Many real-world networks represent dynamic systems with interactions that change over time, often in uncoordinated ways and at irregular intervals. For example, university students connect in intermittent groups that repeatedly form and dissolve based on multiple factors, including their lectures, interests, and friends. Such dynamic systems can be represented as multilayer networks where each layer represents a snapshot of the temporal network. In this representation, it is crucial that the links between layers accurately capture real dependencies between those layers. Often, however, these dependencies are unknown. Therefore, current methods connect layers based on simplistic assumptions that do not capture node-level layer dependencies. For example, connecting every node to itself in other layers with the same weight can wipe out dependencies between intermittent groups, making it difficult or even impossible to identify them. In this paper, we present a principled approach to estimating node-level layer dependencies based on the network structure within each layer. We implement our node-level coupling method in the community detection framework Infomap and demonstrate its performance compared to current methods on synthetic and real temporal networks. We show that our approach more effectively constrains information inside multilayer communities so that Infomap can better recover planted groups in multilayer benchmark networks that represent multiple modes with different groups and better identify intermittent communities in real temporal contact networks. These results suggest that node-level layer coupling can improve the modeling of information spreading in temporal networks and better capture intermittent community structure.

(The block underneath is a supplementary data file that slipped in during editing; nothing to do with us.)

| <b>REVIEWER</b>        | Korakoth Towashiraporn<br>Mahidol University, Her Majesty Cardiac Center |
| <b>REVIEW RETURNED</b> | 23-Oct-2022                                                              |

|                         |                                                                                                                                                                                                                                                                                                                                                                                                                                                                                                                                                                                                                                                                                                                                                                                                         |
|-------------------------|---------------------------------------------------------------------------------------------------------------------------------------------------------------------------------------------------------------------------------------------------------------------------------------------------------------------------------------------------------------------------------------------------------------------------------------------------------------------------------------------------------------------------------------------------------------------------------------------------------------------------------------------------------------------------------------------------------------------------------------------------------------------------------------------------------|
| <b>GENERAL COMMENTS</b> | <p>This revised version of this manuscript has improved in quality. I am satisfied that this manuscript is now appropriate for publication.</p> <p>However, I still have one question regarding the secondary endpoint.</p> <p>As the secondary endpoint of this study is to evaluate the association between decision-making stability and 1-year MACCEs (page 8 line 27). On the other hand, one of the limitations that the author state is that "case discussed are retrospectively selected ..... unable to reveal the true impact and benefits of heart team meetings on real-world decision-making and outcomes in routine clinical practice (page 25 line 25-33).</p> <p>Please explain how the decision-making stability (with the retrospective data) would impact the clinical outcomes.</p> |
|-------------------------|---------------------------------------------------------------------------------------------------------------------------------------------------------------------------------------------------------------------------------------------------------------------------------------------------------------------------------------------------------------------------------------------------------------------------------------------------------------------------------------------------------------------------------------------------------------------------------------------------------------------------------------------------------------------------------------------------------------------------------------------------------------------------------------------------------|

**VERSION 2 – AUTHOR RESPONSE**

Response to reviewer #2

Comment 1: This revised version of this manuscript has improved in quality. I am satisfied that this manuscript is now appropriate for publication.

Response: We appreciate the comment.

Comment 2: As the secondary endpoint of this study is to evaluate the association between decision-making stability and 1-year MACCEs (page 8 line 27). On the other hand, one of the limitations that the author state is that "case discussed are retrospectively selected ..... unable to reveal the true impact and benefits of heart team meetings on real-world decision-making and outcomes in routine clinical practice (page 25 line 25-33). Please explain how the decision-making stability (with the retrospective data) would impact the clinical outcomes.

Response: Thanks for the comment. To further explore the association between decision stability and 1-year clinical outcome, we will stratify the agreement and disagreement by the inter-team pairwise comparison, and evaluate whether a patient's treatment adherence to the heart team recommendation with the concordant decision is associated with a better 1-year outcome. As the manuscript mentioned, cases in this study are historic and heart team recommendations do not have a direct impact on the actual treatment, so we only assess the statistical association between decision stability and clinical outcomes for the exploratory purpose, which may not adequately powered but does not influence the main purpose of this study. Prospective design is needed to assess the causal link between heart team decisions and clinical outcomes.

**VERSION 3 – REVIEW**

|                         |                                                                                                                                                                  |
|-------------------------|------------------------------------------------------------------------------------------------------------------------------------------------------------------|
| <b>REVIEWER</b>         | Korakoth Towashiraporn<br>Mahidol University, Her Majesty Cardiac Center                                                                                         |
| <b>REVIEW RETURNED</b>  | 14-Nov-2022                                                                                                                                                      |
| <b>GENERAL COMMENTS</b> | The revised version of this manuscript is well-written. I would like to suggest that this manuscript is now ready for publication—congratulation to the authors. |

Aslak, Ulf, Martin Rosvall, and Sune Lehmann. "Constrained information flows in temporal networks reveal intermittent communities." Physical Review E 97.6 (2018): 062312.
- Networks Seminar
Multilayer networks are a way to represent dependent connectivity patterns — e.g., time-dependence, multiple types of interactions, or both — that arise in many applications and which are difficult to incorporate into standard network representations. In the study of multilayer networks, it is important to investigate mesoscale (i.e., intermediate-scale) structures, such as communities, to discover features that lie between the microscale and the macroscale. We introduce a framework for the construction of generative models for mesoscale structure in multilayer networks. We model dependency at the level of partitions rather than with respect to edges, and treat the process of generating a multilayer partition separately from the process of generating edges for a given multilayer partition. Our framework can admit many features of empirical multilayer networks and explicitly incorporates a user-specified interlayer dependency structure. We discuss the parameters and some properties of our framework, and illustrate an example of its use with benchmark models for multilayer community-detection tools.
- Networks Seminar
You can also find a list of all talks (with abstracts) prior to 2018 here.
Simply send an empty email to